Bookies and financial markets are usually astute judges of the future, but both were taken by surprise when the Leave camp stormed to victory in the Brexit referendum. Here's a look at the immediate winners and losers from the shock result.
Gold: The yellow metal soared past $1,300 (U.S.) an ounce, reaching its highest level in two years, as the reality of the Leave victory took hold. Gold is the traditional haven for safety-seeking investors and it's the big winner from the current chaos. Canadian gold miners are riding the surge, with Barrick Gold, Goldcorp and Franco-Nevada shares all gaining at least 4 per cent in early trading.
Bond investors: The dash for safety is driving up the prices of ultrasecure government bonds. Yields, which move in the opposite direction to prices, are tumbling as a result. The payoff on the benchmark 10-year U.S. Treasury bond dropped to its lowest level since 2012 while yields on German and Swiss bonds sank even deeper into subzero territory. Meanwhile, the 10-year U.K. government bond swooned to a record low yield of 1.02 per cent as investors awaited a wave of monetary easing from the Bank of England.
Safe currencies: Investors are pushing into haven currencies. The U.S. dollar rose against most currencies, as did Japanese yen and Swiss francs. The Canadian dollar also advanced, although to a lesser degree.
Scottish nationalists: Nicola Sturgeon, Scotland's first minister, says a second referendum on Scottish independence is "highly likely" in the wake of the Leave victory. More than six out of 10 Scots voted in favour of the Remain option and many consider it unfair to be taken out of the European Union against their will. The first referendum on Scottish independence, held in 2014, was hard fought and resulted in 55 per cent of Scots voting to remain in the United Kingdom.
Euro skeptics: The Leave victory has delivered a jolt of encouragement to other parties across Europe that object to large-scale immigration and other manifestations of EU authority. Following the vote, Marine Le Pen of France's National Front hailed Brexit as "the right choice." In Germany, the anti-immigration, anti-EU Alternative fuer Deutschland party welcomed the result, as did the leader of Italy's populist Northern League party.
Stocks: Brexit is dragging down global stocks, although losses are not as bad as initially feared. After plunging more than 8 per cent to start the day, blue-chip stocks in London climbed back to finish with a loss of only 3.2 per cent. Shares of major British exporters, such as AstraZeneca and ARM Holdings, climbed on expectations that a cheaper British pound might boost international sales. Wall Street slumped nearly 3 per cent in early trading but in Canada, the S&P/TSX composite index inched down only 1.2 per cent as gains by gold miners helped offset jitters elsewhere.
The British pound: Sterling is taking it on the chin, falling more than 10 per cent against the U.S. dollar and slumping to a 30-year low against the greenback in early trading before narrowing its losses slightly later in the day. The British currency also slid against the Canadian dollar, yen, euro and every other major currency.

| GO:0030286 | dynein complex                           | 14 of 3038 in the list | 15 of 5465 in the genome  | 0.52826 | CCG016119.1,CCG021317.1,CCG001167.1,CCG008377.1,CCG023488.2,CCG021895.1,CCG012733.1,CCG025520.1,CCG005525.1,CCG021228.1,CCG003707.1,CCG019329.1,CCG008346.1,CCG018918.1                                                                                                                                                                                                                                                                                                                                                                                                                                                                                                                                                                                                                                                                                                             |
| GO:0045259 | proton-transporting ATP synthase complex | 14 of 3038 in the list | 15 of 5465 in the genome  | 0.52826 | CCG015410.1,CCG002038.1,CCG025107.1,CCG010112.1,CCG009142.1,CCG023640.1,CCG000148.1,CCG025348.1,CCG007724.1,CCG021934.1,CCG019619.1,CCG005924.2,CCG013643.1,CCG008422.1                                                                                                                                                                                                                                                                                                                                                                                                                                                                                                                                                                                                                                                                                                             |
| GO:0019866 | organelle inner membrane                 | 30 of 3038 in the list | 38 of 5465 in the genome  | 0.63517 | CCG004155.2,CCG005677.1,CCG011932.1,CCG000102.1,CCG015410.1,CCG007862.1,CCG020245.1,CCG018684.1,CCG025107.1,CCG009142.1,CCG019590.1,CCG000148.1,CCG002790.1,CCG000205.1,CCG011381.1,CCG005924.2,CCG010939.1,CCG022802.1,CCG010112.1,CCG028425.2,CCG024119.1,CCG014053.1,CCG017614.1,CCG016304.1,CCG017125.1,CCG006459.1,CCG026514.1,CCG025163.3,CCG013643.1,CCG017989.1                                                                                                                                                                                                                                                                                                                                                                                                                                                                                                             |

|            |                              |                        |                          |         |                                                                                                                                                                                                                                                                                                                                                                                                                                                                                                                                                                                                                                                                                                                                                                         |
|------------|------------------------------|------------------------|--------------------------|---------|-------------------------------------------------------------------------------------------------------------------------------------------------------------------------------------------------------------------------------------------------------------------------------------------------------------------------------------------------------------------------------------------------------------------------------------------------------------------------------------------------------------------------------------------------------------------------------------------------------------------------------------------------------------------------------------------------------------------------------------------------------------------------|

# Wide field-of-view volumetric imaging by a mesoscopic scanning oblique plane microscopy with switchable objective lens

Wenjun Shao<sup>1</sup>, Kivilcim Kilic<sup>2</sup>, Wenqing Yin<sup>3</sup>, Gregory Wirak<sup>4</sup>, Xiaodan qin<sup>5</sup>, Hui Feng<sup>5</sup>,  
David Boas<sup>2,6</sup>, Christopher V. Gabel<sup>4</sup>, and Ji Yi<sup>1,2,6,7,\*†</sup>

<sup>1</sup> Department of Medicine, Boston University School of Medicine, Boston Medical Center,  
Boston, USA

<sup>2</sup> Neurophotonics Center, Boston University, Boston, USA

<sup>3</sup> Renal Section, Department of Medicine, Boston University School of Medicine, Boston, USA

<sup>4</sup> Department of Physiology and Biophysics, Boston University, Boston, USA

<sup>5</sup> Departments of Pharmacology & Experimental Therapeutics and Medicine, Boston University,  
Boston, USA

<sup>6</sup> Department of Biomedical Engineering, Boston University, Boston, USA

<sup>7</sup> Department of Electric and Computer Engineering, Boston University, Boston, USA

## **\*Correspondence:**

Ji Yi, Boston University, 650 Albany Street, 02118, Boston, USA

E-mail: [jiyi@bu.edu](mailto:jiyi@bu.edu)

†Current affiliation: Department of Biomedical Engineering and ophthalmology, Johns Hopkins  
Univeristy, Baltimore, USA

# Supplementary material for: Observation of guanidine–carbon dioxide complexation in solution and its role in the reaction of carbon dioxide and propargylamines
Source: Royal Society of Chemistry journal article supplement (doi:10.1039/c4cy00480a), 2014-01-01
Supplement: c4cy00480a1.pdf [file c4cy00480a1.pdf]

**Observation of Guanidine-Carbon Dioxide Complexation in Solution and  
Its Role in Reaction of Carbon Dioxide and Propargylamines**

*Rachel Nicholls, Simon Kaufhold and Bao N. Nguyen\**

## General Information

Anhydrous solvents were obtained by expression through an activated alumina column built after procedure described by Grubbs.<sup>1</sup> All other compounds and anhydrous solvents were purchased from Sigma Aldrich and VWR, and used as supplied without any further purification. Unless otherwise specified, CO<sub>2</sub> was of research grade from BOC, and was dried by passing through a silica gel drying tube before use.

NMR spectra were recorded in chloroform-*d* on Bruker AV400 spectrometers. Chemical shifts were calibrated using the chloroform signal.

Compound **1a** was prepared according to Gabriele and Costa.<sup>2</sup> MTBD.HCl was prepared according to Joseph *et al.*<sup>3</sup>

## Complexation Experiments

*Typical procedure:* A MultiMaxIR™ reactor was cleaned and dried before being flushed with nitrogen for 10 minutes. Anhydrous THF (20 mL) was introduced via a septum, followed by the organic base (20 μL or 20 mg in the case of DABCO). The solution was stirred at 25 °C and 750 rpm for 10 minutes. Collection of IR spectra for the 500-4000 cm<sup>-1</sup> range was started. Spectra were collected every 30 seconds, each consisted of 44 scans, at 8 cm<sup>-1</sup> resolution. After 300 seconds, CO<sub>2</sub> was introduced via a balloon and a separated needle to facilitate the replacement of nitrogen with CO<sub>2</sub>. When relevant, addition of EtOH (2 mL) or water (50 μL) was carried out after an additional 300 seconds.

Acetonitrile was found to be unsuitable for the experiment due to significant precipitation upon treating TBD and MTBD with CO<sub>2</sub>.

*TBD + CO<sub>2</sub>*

London: The City of London, as Britain's financial district is known, faces an uncertain future as a global hub once the U.K. exits the EU. At that point, banks, asset managers and other financial institutions based in Britain will probably encounter new barriers to dealing in the euro and selling financial products in continental Europe. JPMorgan Chase, the giant U.S. bank, warned before the referendum that a vote for Brexit could compel it to move as many as 4,000 of its 16,000 U.K. staff out of the country. If it and other banks proceed along those lines, London's future looks considerably diminished.
U.K. home prices: The possible loss of several thousand highly paid jobs in financial services does not bode well for London's stratospheric home prices. There is a danger that the weakness may spread across the country if the prospect of tighter control on immigration reduces the chances for home-price gains in the future.
Interest rate hawks: Those expecting the U.S. Federal Reserve Board to begin raising rates on a regular basis this year will be disappointed. The rise of the U.S. dollar, combined with the "additional uncertainty surrounding the implications of Brexit, is likely to strengthen the Fed's conviction to remain on the sidelines for several more months," writes Eric Lascelles, chief economist at RBC Global Asset Management.
Bank shareholders: The referendum surprise kneecapped the share prices of many global banks. In the UK, Lloyds Banking Group lost 21 per cent and Barclays plunged nearly 18 per cent. Major U.S. banks with large British presences shared in the pain, with JPMorgan Chase down 5.2 per cent, Citigroup off 8 per cent and Bank of America down 6.7 per cent in early trading. By comparison, Canadian bank shares got off lightly, with most sustaining losses of less than 3 per cent.